The question is then raised (by me, if necessary) as to whether such tactics should be socially acceptable when the gain sought is a minor amount of MJ or an inexpensive stolen stereo vs. the risk (however infrequent) of serious injury or death to the civilians involved (who are often completely innocent of anything). The question is whether the magnitude of the risk to civilians outweights the gain sought. In run-of-the-mill search warrant cases, I think it does. DMF doesn't.

DRZinn
August 19, 2005, 02:02 PM
Sergeant Ronald Adler testified that an automatic weapon such as that used by the defendant could fire four or five rounds "in a second or so."Really? What kind of handgun did he have, exactly?

Jeff White
August 19, 2005, 02:15 PM
F4GIB,
Do you have a link to that case? It might be interesting to read the whole opinion.

Jeff

rabbit
August 19, 2005, 02:41 PM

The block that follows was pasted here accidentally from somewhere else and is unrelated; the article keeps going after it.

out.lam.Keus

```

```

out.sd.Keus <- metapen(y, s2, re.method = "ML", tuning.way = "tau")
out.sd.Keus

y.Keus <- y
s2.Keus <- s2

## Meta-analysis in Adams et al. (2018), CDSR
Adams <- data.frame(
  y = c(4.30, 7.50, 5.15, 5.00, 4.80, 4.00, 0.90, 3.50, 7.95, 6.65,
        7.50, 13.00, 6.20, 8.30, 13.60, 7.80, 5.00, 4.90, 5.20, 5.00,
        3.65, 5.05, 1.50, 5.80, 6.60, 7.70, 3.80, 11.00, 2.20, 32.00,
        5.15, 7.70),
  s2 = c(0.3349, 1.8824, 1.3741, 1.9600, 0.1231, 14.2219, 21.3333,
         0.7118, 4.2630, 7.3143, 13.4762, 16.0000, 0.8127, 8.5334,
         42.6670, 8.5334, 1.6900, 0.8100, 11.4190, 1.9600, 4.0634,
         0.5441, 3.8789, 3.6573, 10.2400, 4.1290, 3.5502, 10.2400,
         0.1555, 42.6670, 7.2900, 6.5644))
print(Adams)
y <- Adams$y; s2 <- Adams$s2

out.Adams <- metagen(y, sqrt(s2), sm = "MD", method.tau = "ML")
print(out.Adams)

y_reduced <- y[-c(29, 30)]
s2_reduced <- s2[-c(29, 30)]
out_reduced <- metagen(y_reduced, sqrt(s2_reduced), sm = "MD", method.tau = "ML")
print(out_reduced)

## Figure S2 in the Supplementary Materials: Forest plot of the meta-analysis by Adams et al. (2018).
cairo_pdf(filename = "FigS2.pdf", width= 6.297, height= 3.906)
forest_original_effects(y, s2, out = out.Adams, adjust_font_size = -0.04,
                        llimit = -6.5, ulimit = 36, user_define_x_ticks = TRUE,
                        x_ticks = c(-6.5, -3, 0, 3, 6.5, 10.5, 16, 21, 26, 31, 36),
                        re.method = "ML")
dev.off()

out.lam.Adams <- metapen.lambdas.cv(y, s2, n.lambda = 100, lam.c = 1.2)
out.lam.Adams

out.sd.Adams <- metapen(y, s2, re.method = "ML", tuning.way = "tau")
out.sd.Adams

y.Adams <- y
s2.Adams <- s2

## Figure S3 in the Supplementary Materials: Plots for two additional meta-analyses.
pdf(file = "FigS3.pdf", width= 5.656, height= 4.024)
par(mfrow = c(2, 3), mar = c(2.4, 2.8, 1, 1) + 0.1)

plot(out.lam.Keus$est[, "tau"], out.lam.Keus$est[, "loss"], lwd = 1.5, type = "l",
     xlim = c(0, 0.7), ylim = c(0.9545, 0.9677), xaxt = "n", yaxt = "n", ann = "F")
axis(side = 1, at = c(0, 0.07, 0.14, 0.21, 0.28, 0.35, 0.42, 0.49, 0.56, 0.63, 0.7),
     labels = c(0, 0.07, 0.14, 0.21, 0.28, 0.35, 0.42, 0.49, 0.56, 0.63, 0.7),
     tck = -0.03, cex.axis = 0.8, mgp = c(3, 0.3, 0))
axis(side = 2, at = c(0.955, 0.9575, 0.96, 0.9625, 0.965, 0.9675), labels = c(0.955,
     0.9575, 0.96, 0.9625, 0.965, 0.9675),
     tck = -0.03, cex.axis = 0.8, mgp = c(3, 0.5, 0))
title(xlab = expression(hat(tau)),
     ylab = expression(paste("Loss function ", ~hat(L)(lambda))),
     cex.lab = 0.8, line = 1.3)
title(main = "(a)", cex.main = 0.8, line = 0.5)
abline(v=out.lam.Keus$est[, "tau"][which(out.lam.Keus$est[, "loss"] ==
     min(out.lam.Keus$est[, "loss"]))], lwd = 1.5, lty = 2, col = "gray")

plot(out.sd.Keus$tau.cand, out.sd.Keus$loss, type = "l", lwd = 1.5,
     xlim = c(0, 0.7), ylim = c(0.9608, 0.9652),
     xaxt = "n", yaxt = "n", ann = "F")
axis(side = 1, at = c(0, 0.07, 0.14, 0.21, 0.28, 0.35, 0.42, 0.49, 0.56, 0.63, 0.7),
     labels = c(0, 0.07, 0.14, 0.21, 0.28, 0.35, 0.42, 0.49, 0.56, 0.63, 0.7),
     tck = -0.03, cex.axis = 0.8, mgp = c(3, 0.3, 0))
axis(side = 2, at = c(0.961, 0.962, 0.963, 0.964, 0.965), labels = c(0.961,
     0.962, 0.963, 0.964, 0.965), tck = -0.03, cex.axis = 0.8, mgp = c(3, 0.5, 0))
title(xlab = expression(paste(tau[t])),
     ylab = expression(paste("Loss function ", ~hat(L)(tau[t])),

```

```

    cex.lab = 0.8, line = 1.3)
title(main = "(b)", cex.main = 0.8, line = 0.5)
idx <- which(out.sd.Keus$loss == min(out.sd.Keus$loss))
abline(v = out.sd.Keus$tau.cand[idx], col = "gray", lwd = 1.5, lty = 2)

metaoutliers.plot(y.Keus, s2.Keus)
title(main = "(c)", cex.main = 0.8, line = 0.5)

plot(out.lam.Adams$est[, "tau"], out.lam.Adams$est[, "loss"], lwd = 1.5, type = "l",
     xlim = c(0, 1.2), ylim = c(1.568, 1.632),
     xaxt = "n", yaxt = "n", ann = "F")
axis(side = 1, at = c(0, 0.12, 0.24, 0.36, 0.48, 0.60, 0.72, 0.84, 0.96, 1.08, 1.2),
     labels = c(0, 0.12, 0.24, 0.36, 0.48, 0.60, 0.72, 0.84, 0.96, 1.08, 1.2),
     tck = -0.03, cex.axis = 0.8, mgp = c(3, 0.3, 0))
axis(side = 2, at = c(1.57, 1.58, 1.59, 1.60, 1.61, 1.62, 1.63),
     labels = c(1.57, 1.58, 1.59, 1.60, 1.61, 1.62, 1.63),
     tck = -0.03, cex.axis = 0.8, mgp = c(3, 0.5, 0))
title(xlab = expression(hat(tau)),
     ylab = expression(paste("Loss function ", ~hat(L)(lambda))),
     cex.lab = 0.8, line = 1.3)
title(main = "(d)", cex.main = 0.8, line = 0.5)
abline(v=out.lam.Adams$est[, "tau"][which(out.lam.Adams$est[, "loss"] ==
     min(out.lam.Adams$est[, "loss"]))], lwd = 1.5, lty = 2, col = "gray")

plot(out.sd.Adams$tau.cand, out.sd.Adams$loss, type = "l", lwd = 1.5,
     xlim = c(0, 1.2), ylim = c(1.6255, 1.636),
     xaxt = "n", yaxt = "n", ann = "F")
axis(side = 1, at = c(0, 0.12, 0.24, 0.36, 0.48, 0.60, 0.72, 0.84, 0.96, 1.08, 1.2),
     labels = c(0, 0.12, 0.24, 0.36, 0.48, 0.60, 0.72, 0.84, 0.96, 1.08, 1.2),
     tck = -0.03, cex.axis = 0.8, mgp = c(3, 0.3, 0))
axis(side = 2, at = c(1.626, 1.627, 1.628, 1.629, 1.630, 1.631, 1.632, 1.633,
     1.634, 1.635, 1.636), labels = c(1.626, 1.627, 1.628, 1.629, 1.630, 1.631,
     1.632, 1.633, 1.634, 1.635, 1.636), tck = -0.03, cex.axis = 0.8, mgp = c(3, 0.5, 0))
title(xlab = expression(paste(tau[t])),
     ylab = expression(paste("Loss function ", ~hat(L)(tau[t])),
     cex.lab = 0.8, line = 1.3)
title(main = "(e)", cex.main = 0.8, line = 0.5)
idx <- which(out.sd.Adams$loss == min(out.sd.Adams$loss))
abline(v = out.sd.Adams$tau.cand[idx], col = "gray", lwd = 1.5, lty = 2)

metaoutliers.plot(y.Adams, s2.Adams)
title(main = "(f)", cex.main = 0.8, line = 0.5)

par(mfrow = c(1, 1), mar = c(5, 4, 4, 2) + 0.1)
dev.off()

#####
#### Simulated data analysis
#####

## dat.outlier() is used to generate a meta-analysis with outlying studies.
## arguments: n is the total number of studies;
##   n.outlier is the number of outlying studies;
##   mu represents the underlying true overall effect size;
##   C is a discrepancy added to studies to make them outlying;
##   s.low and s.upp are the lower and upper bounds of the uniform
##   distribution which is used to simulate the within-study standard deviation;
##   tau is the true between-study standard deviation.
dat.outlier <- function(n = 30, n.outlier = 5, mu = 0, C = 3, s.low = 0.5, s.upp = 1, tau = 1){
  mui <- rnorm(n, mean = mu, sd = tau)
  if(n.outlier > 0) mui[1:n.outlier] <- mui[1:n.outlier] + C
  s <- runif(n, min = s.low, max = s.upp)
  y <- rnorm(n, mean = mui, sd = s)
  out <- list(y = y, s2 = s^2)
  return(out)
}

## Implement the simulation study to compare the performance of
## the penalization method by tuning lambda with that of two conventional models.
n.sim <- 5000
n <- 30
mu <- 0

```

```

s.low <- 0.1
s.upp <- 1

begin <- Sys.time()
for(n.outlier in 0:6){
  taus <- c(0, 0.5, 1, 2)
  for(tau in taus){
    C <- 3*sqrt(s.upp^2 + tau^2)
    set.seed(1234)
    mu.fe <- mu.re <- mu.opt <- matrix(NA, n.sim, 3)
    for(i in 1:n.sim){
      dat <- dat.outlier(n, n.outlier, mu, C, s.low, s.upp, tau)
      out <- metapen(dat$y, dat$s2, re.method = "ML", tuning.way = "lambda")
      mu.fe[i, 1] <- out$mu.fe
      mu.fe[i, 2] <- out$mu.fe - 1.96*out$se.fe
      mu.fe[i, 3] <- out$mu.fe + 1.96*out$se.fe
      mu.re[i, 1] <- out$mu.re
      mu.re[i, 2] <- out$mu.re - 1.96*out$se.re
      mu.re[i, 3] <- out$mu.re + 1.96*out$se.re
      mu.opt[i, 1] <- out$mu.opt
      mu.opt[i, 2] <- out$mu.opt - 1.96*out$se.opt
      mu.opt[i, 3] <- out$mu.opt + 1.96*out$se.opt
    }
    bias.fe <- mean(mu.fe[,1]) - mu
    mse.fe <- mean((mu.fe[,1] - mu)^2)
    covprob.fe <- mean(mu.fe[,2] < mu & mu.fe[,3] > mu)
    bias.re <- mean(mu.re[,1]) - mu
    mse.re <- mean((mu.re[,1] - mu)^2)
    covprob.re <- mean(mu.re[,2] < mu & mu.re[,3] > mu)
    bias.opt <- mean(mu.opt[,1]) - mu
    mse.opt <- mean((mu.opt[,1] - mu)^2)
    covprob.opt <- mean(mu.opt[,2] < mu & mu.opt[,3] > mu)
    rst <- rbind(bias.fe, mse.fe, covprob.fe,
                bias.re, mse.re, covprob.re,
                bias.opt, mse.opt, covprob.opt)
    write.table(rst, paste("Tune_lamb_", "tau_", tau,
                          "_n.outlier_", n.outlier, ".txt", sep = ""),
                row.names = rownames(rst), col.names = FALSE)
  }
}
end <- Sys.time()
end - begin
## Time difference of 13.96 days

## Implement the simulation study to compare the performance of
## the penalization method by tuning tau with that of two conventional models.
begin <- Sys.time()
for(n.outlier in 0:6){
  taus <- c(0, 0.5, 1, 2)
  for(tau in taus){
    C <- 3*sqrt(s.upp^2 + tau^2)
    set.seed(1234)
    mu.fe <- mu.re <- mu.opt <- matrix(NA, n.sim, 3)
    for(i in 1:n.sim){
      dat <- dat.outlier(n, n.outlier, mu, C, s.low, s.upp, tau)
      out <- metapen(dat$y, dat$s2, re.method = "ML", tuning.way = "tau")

the presence of a SWAT team does make a difference.
It increases the odds that the civilian gets killed and therefore no one hears his testimony. No testimony, no self-defense claim, no civil lawsuit, no damage to the department's reputation, no money damages, etc.

I buy something from someone and unbeknownst to me it happens to be stolen. A month later I get my door kicked in by a swat team at the crack of dawn? So I come out of a dead sleep and there are strangers invading my house, I grab a weapon and BANG! I am dead. Justified shooting?

I have been reading a couple threads about this and I am shocked at how everyone just bends over and takes it when it comes to police acting like nazis. I know there will be several replies to this post with "well, that is rare for that to happen" and "a dynamic entry scenario statistically is...."

You people better wake up. I can protect myself from the bad guys- it is the police I worry about. In my opinion most of them are schoolyard bullies or kids who got bullied looking for payback.

Sindawe
August 19, 2005, 02:48 PM